When James Ponsoldt ’01 set out to make “The Spectacular Now,” released earlier this month, he sought to recreate the teen movie. Based on Scott Neustadter’s novel of the same name, the film, set in Ponsoldt’s hometown of Athens, Ga., is at once realistic and nostalgic. It bucks the trend of high-budget blockbuster films portraying the “perfect” romance, instead embracing its characters’ imperfections in an effort to create characters resonant with the emotional realities of the film’s viewers. Steeped in the aesthetic of “Anytown, USA,” “The Spectacular Now” portrays a world simultaneously familiar in its failings and uplifting in its story. The film stars Miles Teller as Sutter Keely, a hard-partying high school senior with no future plans, and Shailene Woodley as Aimee Finecky, a studious girl who has never had a boyfriend. After his girlfriend breaks up with him, Sutter finds himself on Aimee’s front lawn after a night of heavy drinking. The chance encounter leads to a romance between the two, with Sutter teaching Aimee how to live in the present and Aimee showing Sutter that life is more than partying. At this year’s Sundance Film Festival, “The Spectacular Now” won the Special Jury Award for Acting. Director James Ponsoldt, best known for “(500) Days of Summer” and Teller spoke with the News and several other collegiate publications about the film.
UNCC. The theme of teenage love is extremely popular among films today. What do you think it is about this theme that attracts people to these movies?
James Ponsoldt. There is a difference between a sentimental mentality and nostalgia. [Sentimental films] don’t deal with the same pain and anxiety of feeling that you’re going to have your heart broken. A nostalgic film embraces the vast emotional spectrum.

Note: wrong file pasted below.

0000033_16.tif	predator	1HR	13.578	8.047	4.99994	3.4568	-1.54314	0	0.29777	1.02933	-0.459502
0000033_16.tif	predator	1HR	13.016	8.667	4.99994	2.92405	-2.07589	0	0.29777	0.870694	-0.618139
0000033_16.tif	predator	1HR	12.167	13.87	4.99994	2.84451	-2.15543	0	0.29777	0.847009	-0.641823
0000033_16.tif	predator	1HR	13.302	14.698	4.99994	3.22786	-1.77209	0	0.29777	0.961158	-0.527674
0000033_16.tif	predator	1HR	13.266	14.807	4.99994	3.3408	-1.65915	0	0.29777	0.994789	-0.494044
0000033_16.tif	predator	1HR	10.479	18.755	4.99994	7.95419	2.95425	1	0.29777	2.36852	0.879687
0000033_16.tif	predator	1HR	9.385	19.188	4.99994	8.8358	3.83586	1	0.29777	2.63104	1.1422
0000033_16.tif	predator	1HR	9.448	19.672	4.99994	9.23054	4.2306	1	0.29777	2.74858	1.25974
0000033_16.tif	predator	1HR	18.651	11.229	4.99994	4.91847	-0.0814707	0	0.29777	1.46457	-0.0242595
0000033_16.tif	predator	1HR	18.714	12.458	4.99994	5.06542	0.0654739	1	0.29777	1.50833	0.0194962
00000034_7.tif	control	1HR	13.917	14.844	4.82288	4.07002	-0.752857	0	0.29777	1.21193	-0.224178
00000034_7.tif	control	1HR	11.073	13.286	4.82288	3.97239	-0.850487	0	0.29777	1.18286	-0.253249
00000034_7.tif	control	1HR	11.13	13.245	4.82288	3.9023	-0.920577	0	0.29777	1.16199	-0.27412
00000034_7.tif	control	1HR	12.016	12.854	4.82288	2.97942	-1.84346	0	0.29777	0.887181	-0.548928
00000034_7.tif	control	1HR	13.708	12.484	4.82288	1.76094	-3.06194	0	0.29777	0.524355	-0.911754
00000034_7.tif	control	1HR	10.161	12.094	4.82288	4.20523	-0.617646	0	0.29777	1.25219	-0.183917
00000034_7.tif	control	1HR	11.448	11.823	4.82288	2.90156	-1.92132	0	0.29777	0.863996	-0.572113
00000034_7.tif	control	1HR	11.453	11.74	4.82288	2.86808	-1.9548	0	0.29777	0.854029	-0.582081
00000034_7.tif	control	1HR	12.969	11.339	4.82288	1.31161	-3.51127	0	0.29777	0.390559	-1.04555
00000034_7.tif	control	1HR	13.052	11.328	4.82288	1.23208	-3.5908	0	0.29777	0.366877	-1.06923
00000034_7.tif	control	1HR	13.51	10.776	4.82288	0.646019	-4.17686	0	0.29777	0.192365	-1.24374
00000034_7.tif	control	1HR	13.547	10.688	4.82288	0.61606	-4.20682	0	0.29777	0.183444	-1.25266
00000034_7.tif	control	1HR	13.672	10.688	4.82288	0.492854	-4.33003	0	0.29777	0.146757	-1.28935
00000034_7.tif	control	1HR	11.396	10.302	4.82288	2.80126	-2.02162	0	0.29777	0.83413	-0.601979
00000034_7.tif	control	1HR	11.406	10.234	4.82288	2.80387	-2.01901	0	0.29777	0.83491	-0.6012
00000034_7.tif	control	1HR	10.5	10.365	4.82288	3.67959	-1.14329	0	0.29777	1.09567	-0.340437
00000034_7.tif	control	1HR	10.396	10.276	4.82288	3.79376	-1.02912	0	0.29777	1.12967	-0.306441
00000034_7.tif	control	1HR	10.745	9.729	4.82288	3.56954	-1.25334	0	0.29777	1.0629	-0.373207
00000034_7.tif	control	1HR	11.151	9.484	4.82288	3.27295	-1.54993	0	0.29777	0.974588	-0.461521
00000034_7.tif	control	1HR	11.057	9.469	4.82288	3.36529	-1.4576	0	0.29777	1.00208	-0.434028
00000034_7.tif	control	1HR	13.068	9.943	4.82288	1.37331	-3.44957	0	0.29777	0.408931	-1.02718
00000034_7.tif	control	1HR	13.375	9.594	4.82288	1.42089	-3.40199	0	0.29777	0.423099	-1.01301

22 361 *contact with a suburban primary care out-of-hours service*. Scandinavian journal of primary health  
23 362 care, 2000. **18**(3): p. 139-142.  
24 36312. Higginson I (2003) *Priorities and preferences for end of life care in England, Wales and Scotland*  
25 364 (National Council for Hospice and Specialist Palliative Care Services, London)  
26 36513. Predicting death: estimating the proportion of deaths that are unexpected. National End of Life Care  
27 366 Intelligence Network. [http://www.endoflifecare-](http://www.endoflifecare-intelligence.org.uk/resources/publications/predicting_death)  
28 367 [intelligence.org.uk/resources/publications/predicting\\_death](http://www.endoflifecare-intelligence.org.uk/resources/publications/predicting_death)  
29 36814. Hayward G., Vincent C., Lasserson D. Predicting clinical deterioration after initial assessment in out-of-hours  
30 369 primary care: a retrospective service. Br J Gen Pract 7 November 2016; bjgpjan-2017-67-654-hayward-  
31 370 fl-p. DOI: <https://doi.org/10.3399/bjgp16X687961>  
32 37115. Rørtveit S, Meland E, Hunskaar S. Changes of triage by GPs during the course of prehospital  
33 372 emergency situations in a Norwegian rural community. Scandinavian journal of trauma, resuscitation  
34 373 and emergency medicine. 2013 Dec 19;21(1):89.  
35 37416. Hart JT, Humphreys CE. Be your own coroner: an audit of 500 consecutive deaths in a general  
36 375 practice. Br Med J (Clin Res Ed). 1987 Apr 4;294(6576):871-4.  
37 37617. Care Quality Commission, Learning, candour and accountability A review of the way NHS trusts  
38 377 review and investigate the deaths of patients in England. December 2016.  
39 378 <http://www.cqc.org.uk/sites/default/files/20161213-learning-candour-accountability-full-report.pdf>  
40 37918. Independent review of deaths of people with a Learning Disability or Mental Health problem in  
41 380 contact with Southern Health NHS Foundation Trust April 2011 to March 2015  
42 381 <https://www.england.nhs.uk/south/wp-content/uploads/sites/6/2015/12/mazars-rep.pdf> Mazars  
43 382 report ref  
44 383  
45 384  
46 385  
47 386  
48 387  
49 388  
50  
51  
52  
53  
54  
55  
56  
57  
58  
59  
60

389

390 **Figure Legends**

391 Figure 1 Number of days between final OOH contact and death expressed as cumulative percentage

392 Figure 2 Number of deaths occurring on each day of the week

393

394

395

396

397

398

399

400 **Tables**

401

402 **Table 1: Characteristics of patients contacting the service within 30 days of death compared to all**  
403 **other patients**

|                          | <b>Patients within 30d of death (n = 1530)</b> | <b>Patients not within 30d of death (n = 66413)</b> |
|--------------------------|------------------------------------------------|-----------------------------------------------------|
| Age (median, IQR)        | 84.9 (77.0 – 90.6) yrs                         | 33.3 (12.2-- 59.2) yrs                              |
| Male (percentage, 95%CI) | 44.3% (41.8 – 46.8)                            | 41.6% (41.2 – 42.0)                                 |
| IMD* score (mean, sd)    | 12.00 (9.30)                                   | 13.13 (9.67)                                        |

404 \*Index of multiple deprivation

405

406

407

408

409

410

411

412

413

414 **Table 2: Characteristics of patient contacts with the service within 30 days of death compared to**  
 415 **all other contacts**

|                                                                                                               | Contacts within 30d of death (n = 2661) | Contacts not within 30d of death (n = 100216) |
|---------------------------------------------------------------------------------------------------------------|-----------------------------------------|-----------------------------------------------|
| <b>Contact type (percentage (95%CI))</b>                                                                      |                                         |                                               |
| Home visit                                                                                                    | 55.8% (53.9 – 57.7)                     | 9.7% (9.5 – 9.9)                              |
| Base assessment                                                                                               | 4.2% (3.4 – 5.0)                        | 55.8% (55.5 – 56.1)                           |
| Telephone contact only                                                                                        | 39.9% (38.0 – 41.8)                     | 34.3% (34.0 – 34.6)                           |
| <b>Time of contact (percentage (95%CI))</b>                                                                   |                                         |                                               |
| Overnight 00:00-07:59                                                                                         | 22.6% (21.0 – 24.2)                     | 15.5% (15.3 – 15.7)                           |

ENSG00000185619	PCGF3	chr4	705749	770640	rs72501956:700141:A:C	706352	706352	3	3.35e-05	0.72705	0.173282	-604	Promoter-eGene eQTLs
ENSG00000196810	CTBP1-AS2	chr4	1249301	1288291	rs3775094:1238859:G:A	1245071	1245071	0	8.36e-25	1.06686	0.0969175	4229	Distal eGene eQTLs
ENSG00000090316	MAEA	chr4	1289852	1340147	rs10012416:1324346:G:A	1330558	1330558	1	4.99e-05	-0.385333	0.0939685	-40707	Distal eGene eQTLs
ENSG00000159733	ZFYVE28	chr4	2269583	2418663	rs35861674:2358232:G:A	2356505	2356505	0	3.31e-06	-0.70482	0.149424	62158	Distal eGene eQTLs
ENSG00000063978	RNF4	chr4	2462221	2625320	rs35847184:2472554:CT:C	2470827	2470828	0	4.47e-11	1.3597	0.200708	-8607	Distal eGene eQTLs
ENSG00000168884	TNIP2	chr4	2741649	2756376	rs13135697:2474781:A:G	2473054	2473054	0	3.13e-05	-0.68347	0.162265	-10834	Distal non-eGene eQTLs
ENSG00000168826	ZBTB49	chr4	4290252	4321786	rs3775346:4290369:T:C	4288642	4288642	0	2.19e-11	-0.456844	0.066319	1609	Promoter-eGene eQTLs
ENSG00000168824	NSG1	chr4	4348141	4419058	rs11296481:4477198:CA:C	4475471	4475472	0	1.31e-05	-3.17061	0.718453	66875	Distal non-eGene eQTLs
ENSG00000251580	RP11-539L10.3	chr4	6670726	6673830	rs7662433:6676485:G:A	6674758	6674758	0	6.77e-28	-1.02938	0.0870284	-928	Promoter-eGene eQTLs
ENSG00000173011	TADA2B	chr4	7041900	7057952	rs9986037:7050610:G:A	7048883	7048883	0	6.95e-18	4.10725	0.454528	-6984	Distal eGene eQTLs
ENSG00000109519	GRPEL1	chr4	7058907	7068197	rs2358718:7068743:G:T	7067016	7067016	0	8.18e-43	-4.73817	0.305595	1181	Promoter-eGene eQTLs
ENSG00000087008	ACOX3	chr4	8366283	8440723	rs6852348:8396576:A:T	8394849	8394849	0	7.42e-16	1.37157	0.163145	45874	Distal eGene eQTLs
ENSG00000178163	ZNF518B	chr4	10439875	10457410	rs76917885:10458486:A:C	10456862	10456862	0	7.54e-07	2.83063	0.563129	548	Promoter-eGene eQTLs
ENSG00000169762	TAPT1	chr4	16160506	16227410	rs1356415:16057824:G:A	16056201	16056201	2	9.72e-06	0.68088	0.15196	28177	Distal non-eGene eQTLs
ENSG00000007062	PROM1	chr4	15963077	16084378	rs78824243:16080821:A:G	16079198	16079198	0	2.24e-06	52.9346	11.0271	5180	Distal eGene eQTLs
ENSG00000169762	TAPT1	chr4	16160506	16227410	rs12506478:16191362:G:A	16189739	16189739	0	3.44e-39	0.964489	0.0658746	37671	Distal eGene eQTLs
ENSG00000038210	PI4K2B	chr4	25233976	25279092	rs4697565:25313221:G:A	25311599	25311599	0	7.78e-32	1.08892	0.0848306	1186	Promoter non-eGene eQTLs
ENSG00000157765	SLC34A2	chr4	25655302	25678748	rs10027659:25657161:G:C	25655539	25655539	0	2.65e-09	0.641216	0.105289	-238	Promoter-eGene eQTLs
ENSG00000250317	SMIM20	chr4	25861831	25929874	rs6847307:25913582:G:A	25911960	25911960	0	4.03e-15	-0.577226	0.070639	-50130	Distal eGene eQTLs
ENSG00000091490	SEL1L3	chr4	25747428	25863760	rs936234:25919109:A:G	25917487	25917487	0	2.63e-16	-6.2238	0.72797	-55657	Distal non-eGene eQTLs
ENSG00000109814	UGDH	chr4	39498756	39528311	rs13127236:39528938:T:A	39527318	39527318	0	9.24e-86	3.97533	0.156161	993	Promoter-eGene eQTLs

YDN. How did you approach the way the film straddles different generations and the way that teenagers’ lives are different than they were 20 or 30 years ago?
James Ponsoldt. I don’t think that teenagers are all that different than they were 20 years ago or 40 years ago. I think it’s essentially the same. Technology obviously changes some things. But the biggest thing for me in thinking about this film is acknowledging the technology that we have now, acknowledging where we are now with fashion or music, and then trying to remove all the elements that weren’t essential. I wanted this movie to hold up and still be relevant.
University of Rochester: The definition of what romantic is has changed. Are people valuing honesty more?
James Ponsoldt. There’s a delineation between big cartoon movies and stories that are honest. In an age of YouTube, I think we have more of an appetite [for honesty]. We are seeing movies about real people being depicted honestly. I think we identify with characters mostly in their flaws. That’s how we identify their humanity.
YDN. You talked about when kids started drinking in your hometown of Athens, Georgia, which is where you filmed. How did that location change the film and how did your experiences influence the final product?